The uptake of clinical practice guidelines (CPGs) is inconsistent, despite their potential to improve the quality of health care and patient outcomes. Some guideline producers have addressed this problem by developing tools to encourage faster adoption of new guidelines. This review focuses on the effectiveness of tools developed and disseminated by guideline producers to improve the uptake of their CPGs.
To evaluate the effectiveness of implementation tools developed and disseminated by guideline producers, which accompany or follow the publication of a CPG, to promote uptake. A secondary objective is to determine which approaches to guideline implementation are most effective.
We searched the Cochrane Effective Practice and Organisation of Care (EPOC) Group Specialised Register, Cochrane Central Register of Controlled Trials (CENTRAL); NHS Economic Evaluation Database, HTA Database; MEDLINE and MEDLINE In-Process and other non-indexed citations; Embase; PsycINFO; CINAHL; Dissertations and Theses, ProQuest; Index to Theses; Science Citation Index Expanded, ISI Web of Knowledge; Conference Proceedings Citation Index - Science, ISI Web of Knowledge; Health Management Information Consortium (HMIC), and NHS Evidence up to February 2016. We also searched trials registers, reference lists of included studies and relevant websites.
We included randomised controlled trials (RCTs) and cluster-RCTs, controlled before-and-after studies (CBAs) and interrupted time series (ITS) studies evaluating the effects of guideline implementation tools developed by recognised guideline producers to improve the uptake of their own guidelines. The guideline could target any clinical area.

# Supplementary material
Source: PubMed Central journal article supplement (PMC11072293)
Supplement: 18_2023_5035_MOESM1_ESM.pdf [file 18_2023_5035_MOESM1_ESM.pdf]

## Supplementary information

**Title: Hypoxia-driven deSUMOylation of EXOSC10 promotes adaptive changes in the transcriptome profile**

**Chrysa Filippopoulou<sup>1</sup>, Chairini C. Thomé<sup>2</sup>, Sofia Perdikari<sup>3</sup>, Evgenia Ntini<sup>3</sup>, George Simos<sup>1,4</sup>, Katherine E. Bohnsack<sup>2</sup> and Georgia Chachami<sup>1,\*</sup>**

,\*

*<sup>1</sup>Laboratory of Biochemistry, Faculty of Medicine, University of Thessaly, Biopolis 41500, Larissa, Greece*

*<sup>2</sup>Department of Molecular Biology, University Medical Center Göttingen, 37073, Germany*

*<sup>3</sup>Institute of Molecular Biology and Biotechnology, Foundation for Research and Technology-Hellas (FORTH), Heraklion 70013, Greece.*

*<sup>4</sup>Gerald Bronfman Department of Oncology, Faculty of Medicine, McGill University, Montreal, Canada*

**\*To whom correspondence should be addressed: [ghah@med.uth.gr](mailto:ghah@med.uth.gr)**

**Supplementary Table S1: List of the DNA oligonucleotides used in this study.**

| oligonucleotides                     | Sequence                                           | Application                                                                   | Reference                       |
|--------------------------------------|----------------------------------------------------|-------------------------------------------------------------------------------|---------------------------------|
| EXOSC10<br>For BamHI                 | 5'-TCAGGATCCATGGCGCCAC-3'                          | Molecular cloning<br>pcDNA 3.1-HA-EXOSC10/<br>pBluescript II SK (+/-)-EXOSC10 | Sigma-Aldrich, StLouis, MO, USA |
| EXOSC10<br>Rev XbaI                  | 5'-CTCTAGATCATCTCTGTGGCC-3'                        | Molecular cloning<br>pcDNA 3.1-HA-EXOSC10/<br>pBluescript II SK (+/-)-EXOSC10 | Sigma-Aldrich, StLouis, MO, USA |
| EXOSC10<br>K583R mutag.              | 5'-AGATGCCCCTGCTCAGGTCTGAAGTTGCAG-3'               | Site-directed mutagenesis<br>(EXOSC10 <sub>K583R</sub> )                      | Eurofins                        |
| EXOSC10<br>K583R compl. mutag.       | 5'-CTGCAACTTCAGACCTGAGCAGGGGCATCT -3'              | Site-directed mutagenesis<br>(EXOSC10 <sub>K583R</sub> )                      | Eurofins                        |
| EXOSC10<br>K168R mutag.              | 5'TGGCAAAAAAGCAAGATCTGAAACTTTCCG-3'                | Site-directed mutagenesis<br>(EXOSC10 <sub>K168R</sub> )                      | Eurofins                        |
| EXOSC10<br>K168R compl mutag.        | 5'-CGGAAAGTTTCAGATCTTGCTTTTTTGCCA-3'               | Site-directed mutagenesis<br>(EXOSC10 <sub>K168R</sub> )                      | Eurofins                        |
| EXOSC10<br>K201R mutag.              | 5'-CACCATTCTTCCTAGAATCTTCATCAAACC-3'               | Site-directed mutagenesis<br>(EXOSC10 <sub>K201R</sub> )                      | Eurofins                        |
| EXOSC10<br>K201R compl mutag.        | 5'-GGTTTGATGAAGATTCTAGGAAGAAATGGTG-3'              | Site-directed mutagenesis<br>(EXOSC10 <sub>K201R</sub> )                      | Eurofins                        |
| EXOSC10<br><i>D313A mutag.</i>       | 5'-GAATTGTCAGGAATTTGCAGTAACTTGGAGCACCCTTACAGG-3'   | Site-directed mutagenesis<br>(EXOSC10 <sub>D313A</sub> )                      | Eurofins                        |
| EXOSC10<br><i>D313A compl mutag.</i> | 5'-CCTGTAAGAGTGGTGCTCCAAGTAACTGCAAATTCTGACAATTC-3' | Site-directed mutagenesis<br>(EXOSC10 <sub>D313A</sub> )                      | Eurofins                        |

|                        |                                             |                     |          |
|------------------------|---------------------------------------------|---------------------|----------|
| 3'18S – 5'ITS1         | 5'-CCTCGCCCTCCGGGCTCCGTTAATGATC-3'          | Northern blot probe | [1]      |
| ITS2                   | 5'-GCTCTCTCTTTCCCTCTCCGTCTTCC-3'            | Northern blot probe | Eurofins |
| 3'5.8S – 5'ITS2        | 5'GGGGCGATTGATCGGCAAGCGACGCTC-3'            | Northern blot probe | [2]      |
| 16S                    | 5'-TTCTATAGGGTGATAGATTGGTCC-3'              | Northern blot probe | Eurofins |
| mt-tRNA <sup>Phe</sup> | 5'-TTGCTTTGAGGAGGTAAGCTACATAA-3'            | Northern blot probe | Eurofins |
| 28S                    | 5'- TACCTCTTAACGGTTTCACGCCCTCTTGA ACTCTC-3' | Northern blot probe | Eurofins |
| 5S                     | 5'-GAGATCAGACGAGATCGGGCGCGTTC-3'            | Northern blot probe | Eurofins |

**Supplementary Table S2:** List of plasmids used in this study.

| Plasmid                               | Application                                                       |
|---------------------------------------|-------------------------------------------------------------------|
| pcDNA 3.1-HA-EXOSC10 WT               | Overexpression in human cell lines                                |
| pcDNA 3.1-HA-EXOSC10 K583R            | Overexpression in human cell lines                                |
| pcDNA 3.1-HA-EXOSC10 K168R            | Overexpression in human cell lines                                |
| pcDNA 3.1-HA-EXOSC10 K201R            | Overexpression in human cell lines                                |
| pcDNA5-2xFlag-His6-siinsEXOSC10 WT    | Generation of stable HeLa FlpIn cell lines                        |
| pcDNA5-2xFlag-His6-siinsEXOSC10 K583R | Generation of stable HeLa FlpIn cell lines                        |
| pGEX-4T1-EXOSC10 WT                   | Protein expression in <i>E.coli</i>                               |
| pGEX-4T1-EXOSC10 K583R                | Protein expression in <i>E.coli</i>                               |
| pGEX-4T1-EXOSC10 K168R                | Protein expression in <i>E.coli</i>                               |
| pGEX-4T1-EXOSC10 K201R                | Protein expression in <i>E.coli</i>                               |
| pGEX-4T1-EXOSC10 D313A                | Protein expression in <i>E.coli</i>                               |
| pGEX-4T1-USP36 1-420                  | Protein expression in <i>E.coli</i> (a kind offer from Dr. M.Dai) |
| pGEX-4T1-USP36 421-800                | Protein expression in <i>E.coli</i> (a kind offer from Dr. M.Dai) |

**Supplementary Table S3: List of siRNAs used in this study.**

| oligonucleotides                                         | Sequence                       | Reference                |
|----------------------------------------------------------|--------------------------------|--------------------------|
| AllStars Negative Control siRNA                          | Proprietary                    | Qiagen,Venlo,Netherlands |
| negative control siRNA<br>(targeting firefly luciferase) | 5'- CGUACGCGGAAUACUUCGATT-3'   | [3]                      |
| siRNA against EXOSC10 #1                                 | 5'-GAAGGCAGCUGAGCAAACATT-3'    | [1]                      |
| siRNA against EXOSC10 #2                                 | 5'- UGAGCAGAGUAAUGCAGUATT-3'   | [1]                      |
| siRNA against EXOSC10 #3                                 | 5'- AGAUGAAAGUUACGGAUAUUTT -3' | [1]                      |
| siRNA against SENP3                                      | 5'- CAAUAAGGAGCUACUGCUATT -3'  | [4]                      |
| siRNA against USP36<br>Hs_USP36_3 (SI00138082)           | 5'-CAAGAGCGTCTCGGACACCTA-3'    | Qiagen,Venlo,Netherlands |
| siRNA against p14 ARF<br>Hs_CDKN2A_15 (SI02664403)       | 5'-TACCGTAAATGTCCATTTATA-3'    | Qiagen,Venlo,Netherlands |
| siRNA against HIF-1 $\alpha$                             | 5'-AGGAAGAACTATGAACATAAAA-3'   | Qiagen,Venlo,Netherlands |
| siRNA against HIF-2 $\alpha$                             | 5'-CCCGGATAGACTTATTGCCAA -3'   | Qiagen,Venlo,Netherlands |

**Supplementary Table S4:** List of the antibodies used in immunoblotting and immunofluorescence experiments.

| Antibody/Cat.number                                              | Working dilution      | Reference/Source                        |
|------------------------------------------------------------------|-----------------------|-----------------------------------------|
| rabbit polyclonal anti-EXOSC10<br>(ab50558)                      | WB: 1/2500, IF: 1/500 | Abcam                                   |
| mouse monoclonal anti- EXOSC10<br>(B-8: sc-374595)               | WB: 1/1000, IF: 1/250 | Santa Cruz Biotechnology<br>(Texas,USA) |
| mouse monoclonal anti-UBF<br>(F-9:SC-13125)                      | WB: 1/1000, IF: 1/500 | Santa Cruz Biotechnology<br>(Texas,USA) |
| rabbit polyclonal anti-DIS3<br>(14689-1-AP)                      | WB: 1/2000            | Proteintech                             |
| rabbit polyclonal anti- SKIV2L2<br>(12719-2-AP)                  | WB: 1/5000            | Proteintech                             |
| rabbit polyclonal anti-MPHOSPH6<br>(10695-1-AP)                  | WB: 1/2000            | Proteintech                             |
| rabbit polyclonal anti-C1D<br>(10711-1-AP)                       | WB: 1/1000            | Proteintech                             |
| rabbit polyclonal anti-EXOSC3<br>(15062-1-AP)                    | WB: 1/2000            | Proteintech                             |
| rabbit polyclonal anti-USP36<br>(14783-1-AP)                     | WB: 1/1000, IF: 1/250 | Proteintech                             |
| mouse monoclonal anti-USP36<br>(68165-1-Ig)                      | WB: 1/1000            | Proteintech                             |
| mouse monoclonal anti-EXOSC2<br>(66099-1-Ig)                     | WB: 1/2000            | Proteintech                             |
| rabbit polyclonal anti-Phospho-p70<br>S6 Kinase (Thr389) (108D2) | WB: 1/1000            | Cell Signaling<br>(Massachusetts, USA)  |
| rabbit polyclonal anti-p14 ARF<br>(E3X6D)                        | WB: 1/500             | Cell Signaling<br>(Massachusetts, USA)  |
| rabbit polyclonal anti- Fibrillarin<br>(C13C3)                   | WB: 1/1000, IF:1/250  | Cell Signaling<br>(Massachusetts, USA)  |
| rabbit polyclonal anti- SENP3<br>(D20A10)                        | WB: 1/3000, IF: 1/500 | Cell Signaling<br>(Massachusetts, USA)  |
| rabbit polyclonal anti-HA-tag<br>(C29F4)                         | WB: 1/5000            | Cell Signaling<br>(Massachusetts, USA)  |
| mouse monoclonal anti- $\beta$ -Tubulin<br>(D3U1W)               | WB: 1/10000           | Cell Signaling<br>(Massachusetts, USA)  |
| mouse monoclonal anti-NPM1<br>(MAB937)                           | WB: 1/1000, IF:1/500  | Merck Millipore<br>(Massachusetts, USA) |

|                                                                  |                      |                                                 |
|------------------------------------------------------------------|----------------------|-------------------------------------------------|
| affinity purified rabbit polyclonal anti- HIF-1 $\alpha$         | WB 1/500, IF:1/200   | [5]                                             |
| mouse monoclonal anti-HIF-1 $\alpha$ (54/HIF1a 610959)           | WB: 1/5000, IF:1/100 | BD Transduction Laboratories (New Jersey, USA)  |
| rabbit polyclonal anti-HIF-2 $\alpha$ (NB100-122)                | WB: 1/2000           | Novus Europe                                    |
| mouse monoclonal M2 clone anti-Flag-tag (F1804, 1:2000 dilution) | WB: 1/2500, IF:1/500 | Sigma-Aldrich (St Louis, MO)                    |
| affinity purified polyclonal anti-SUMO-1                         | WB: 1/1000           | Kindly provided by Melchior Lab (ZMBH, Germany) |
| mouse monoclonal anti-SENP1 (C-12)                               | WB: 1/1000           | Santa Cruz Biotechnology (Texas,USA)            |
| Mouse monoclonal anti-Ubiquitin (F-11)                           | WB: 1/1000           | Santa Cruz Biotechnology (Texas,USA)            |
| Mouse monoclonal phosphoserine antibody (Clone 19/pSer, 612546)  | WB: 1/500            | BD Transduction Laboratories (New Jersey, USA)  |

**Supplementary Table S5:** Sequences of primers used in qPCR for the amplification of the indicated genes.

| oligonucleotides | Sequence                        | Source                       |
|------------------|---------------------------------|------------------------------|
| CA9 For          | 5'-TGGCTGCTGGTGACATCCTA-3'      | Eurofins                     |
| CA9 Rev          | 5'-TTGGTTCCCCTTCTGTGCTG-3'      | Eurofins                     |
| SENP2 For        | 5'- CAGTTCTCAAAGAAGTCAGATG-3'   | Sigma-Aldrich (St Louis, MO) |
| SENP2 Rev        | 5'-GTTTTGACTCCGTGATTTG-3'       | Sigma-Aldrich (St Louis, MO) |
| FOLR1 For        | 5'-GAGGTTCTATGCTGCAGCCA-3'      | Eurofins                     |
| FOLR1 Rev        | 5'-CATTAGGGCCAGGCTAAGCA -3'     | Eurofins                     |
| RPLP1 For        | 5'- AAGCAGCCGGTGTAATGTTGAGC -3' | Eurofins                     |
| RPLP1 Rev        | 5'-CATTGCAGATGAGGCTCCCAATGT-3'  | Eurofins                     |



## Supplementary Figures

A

Two review authors independently extracted data and assessed the risk of bias of each included study using the Cochrane 'Risk of bias' criteria. We graded our confidence in the evidence using the approach recommended by the GRADE working group. The clinical conditions targeted and the implementation tools used were too heterogenous to combine data for meta-analysis. We report the median absolute risk difference (ARD) and interquartile range (IQR) for the main outcome of adherence to guidelines.
We included four cluster-RCTs that were conducted in the Netherlands, France, the USA and Canada. These studies evaluated the effects of tools developed by national guideline producers to implement their CPGs. The implementation tools evaluated targeted healthcare professionals; none targeted healthcare organisations or patients.
One study used two short educational workshops tailored to barriers. In three studies the intervention consisted of the provision of paper-based educational materials, order forms or reminders, or both. The clinical condition, type of healthcare professional, and behaviour targeted by the CPG varied across studies.
Two of the four included studies reported data on healthcare professionals' adherence to guidelines. A guideline tool developed by the producers of a guideline probably leads to increased adherence to the guidelines; median ARD (IQR) was 0.135 (0.115 and 0.159 for the two studies respectively) at an average four-week follow-up (moderate certainty evidence), which indicates a median 13.5% greater adherence to guidelines in the intervention group. Providing healthcare professionals with a tool to improve implementation of a guideline may lead to little or no difference in costs to the health service.